In the previous post I covered branches and basic merging in Git. In this post I’ll introduce readers to a GitHub repository that we’ll be using for this and future posts to facilitate learning, and then you’ll fork the repository and clone the forked repository to your computer. Since data analysis and management are best learned by doing, the objective of this and future posts is to get readers hands on experience using PostgreSQL and R. If you are not familiar with version control using Git and GitHub, I recommend going back and working through the hands on tutorials in my 5 part series on version control starting with “Version Control: An Overview.”
Learning Data Science GitHub Repository
The learning-data-science GitHub repository is for learning data analysis and management in association with the Elfinwood Data Science Blog. Using the repository I’ll share files with you, the readers of this blog, to use in conjunction with the lessons in future blog posts. The lessons will be hands on, and each will build on lessons from earlier posts, so if you really want to use this blog to learn, then please follow along on your computer. If you have questions or get stuck along the way please either leave a comment in the comment block at the bottom of the page that you’re stuck on, or contact me using the form on the Contact page.
Forking a Repository on GitHub
To use this repository to learn data analysis and management while following the related lessons on the Elfinwood Data Science Blog I recommend that you fork this repository on GitHub, and then clone the fork locally. In the previous post I covered the differences between clone, branching, and forking a repository. You’ll recall that forking is the process of creating a working copy directly on the remote end of things, for instance in GitHub or GitLab. Forking is similar to cloning. However, a “fork” is a separate, distinct, stand alone copy of a repository that is indirectly related to the original repository through the pull request and merge cycle.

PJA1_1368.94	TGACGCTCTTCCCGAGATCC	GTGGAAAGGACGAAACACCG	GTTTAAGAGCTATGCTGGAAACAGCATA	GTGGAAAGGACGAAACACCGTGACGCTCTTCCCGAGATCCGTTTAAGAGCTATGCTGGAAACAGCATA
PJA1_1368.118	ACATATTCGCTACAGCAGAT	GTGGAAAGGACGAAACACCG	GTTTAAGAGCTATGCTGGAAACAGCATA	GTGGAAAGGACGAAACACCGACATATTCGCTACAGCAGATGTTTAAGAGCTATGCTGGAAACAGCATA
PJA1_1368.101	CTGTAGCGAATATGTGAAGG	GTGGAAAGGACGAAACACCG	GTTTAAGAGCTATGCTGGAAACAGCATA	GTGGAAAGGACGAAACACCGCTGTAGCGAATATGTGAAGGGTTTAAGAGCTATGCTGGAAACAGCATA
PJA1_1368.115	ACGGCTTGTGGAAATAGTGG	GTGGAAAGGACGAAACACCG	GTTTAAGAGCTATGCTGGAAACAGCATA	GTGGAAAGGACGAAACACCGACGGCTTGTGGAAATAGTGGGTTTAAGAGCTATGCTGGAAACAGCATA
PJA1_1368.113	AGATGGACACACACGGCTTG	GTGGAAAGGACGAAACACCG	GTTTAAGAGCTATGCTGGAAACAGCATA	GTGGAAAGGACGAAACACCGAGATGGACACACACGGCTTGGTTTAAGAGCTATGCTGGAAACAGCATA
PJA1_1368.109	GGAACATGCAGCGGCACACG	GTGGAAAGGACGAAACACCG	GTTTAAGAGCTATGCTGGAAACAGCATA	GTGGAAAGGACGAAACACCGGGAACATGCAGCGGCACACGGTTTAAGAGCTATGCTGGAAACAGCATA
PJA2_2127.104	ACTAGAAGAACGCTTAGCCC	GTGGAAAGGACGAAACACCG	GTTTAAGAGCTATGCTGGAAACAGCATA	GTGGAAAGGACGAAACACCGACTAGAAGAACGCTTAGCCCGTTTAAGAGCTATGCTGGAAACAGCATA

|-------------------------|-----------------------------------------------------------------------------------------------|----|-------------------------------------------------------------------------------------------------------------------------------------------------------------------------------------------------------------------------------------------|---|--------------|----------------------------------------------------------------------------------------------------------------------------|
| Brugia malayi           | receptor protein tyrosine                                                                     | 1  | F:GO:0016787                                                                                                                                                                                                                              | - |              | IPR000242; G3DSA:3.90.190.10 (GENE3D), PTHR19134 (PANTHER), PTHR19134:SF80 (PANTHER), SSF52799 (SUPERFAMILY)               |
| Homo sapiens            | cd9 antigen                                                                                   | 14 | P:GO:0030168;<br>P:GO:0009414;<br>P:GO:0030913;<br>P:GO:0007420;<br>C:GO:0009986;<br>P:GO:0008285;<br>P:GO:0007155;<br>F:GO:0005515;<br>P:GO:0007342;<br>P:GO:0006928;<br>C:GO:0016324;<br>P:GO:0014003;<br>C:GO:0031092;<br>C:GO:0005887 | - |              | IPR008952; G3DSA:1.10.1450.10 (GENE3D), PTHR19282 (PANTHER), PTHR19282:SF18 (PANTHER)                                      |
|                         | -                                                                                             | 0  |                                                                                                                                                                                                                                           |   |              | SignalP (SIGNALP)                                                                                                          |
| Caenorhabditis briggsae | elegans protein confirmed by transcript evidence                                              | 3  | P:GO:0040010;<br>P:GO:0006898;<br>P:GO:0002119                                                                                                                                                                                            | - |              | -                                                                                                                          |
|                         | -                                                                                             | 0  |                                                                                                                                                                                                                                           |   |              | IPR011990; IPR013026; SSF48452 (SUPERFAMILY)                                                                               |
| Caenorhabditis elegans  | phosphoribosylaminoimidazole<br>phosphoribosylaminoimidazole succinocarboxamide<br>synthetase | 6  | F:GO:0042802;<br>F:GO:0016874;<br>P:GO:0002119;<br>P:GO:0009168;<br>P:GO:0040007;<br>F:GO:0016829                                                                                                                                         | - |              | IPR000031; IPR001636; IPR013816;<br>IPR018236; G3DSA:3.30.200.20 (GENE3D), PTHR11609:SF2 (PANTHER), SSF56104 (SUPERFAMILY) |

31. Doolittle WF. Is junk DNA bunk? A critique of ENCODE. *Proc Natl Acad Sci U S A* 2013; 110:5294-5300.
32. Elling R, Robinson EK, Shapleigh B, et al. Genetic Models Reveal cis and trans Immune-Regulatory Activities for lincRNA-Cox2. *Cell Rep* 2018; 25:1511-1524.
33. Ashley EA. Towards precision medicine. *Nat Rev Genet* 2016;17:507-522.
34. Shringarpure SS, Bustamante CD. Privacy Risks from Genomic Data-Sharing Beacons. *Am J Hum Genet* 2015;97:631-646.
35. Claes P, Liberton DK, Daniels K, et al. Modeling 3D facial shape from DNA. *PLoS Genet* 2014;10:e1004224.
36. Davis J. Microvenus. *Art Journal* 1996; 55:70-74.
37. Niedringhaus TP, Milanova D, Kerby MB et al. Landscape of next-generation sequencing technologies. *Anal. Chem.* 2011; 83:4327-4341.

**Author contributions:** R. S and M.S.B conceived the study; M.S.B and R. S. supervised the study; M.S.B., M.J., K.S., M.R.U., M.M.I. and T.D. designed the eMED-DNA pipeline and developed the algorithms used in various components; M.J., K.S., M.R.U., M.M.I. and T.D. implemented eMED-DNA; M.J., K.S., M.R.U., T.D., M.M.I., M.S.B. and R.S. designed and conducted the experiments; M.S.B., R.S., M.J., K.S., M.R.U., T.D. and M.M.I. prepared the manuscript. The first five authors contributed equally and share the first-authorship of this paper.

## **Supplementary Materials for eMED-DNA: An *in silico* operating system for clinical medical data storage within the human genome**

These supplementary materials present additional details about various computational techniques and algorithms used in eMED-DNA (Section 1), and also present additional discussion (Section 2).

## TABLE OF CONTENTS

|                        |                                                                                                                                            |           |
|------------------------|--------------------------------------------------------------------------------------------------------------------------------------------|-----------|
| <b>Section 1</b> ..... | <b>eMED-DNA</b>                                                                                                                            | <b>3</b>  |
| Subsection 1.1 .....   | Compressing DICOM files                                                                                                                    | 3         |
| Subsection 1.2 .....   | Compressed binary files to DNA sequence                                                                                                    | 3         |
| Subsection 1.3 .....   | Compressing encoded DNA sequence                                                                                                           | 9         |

A “fork” is a separate, distinct, stand alone copy of repository that is indirectly related to the original repository through the pull request and merge cycle.
To fork the learning-data-science repository on GitHub follow these steps:
- Go to https://github.com/elfinwood-data-sci/learning-data-science
- Sign in to your GitHub account. If you don’t have a GitHub account, then create one here.
- Click the “Fork” button in the upper right hand corner of the screen (Figure 1, red arrow)
- A fork of the learning-data-science repository will be created in your account.
Your GitHub account page should look similar to Figure 2. It will look very much like the learning-data_science repository at the elfinwood-data-sci GitHub page, with the exception that your username will be in the upper left corner of the page followed by “/learning-data-science.” Note that GitHub provides a link to the original source of the fork directly beneath the repository title (Figure 2, red arrow).
Cloning the Forked Repository
If you are familiar with version control, or followed along through my 5 part series on version control, then cloning a repository will be second nature for you. If you are not familiar with version control and did not follow along through my series on version control then I recommend pausing here and going back and working through the hands on tutorials in my 5 part series on version control starting with “Version Control: An Overview.” Remember that in this case you are cloning your fork of the learning-data-science repository.
To clone your fork of the repository follow the same steps that you would use to clone any other repository as described in this post: Getting Started with Version Control.
Using the Learning Data Science Repository with this Blog